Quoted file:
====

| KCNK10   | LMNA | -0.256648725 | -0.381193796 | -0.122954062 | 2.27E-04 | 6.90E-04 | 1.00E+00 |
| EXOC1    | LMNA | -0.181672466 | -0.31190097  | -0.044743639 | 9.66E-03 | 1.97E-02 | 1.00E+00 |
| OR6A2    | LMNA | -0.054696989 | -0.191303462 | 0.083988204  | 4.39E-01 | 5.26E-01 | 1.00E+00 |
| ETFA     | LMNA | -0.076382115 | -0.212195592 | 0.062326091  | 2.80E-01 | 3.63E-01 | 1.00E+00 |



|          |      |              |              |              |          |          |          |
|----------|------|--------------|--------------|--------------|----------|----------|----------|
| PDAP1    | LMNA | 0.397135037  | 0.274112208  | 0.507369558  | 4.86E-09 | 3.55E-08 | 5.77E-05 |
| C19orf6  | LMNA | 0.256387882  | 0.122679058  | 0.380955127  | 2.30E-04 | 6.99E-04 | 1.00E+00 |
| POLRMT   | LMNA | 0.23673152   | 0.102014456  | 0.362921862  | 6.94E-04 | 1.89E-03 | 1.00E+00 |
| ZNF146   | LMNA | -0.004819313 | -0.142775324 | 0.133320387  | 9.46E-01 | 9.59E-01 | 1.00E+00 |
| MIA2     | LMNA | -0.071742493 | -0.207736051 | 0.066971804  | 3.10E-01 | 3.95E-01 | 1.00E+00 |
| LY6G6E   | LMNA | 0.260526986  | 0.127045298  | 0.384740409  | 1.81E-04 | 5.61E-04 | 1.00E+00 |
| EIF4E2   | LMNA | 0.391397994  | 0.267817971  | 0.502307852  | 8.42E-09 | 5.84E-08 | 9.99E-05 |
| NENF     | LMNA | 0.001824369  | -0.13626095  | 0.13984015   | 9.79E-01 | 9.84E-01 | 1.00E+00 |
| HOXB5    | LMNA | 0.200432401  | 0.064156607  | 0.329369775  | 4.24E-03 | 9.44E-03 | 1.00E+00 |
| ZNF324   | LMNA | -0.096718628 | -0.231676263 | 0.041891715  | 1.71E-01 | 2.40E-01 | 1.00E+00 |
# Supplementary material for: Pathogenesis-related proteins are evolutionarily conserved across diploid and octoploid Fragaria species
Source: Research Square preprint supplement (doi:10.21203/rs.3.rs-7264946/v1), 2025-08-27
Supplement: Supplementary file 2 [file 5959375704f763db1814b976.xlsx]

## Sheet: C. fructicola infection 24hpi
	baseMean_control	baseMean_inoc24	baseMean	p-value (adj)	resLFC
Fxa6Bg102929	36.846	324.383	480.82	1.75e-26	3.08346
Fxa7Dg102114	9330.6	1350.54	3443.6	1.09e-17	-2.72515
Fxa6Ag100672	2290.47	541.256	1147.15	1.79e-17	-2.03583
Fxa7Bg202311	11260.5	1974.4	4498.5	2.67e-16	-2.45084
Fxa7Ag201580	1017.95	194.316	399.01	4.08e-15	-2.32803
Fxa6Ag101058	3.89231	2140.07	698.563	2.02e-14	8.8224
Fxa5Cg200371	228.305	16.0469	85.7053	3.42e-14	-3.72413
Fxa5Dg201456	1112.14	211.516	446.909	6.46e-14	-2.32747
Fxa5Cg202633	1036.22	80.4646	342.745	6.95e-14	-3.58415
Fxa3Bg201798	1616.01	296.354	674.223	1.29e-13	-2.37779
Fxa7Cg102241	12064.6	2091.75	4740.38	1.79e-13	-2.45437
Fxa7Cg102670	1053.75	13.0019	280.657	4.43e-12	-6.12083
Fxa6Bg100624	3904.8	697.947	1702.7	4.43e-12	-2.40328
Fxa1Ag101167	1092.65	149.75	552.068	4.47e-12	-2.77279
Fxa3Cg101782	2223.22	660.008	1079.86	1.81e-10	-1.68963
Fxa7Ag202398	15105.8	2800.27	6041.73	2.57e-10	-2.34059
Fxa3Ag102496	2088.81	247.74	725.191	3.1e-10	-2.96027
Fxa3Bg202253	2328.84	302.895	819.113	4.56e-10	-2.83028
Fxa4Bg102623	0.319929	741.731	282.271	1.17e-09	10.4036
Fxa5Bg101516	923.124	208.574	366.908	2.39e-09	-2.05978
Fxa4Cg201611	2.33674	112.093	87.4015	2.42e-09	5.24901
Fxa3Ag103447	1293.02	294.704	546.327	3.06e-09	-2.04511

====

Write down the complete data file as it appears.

| KCNK10   | LMNA | -0.256648725 | -0.381193796 | -0.122954062 | 2.27E-04 | 6.90E-04 | 1.00E+00 |
| EXOC1    | LMNA | -0.181672466 | -0.31190097  | -0.044743639 | 9.66E-03 | 1.97E-02 | 1.00E+00 |
| OR6A2    | LMNA | -0.054696989 | -0.191303462 | 0.083988204  | 4.39E-01 | 5.26E-01 | 1.00E+00 |
| ETFA     | LMNA | -0.076382115 | -0.212195592 | 0.062326091  | 2.80E-01 | 3.63E-01 | 1.00E+00 |



|          |      |              |              |              |          |          |          |
|----------|------|--------------|--------------|--------------|----------|----------|----------|
| PDAP1    | LMNA | 0.397135037  | 0.274112208  | 0.507369558  | 4.86E-09 | 3.55E-08 | 5.77E-05 |
| C19orf6  | LMNA | 0.256387882  | 0.122679058  | 0.380955127  | 2.30E-04 | 6.99E-04 | 1.00E+00 |
| POLRMT   | LMNA | 0.23673152   | 0.102014456  | 0.362921862  | 6.94E-04 | 1.89E-03 | 1.00E+00 |
| ZNF146   | LMNA | -0.004819313 | -0.142775324 | 0.133320387  | 9.46E-01 | 9.59E-01 | 1.00E+00 |
| MIA2     | LMNA | -0.071742493 | -0.207736051 | 0.066971804  | 3.10E-01 | 3.95E-01 | 1.00E+00 |
| LY6G6E   | LMNA | 0.260526986  | 0.127045298  | 0.384740409  | 1.81E-04 | 5.61E-04 | 1.00E+00 |
| EIF4E2   | LMNA | 0.391397994  | 0.267817971  | 0.502307852  | 8.42E-09 | 5.84E-08 | 9.99E-05 |
| NENF     | LMNA | 0.001824369  | -0.13626095  | 0.13984015   | 9.79E-01 | 9.84E-01 | 1.00E+00 |
| HOXB5    | LMNA | 0.200432401  | 0.064156607  | 0.329369775  | 4.24E-03 | 9.44E-03 | 1.00E+00 |
| ZNF324   | LMNA | -0.096718628 | -0.231676263 | 0.041891715  | 1.71E-01 | 2.40E-01 | 1.00E+00 |
# Supplementary material for: Pathogenesis-related proteins are evolutionarily conserved across diploid and octoploid Fragaria species
Source: Research Square preprint supplement (doi:10.21203/rs.3.rs-7264946/v1), 2025-08-27
Supplement: Supplementary file 2 [file 5959375704f763db1814b976.xlsx]

## Sheet: C. fructicola infection 24hpi
	baseMean_control	baseMean_inoc24	baseMean	p-value (adj)	resLFC
Fxa6Bg102929	36.846	324.383	480.82	1.75e-26	3.08346
Fxa7Dg102114	9330.6	1350.54	3443.6	1.09e-17	-2.72515
Fxa6Ag100672	2290.47	541.256	1147.15	1.79e-17	-2.03583
Fxa7Bg202311	11260.5	1974.4	4498.5	2.67e-16	-2.45084
Fxa7Ag201580	1017.95	194.316	399.01	4.08e-15	-2.32803
Fxa6Ag101058	3.89231	2140.07	698.563	2.02e-14	8.8224
Fxa5Cg200371	228.305	16.0469	85.7053	3.42e-14	-3.72413
Fxa5Dg201456	1112.14	211.516	446.909	6.46e-14	-2.32747
Fxa5Cg202633	1036.22	80.4646	342.745	6.95e-14	-3.58415
Fxa3Bg201798	1616.01	296.354	674.223	1.29e-13	-2.37779
Fxa7Cg102241	12064.6	2091.75	4740.38	1.79e-13	-2.45437
Fxa7Cg102670	1053.75	13.0019	280.657	4.43e-12	-6.12083
Fxa6Bg100624	3904.8	697.947	1702.7	4.43e-12	-2.40328
Fxa1Ag101167	1092.65	149.75	552.068	4.47e-12	-2.77279
Fxa3Cg101782	2223.22	660.008	1079.86	1.81e-10	-1.68963
Fxa7Ag202398	15105.8	2800.27	6041.73	2.57e-10	-2.34059
Fxa3Ag102496	2088.81	247.74	725.191	3.1e-10	-2.96027
Fxa3Bg202253	2328.84	302.895	819.113	4.56e-10	-2.83028
Fxa4Bg102623	0.319929	741.731	282.271	1.17e-09	10.4036
Fxa5Bg101516	923.124	208.574	366.908	2.39e-09	-2.05978
Fxa4Cg201611	2.33674	112.093	87.4015	2.42e-09	5.24901
Fxa3Ag103447	1293.02	294.704	546.327	3.06e-09	-2.04511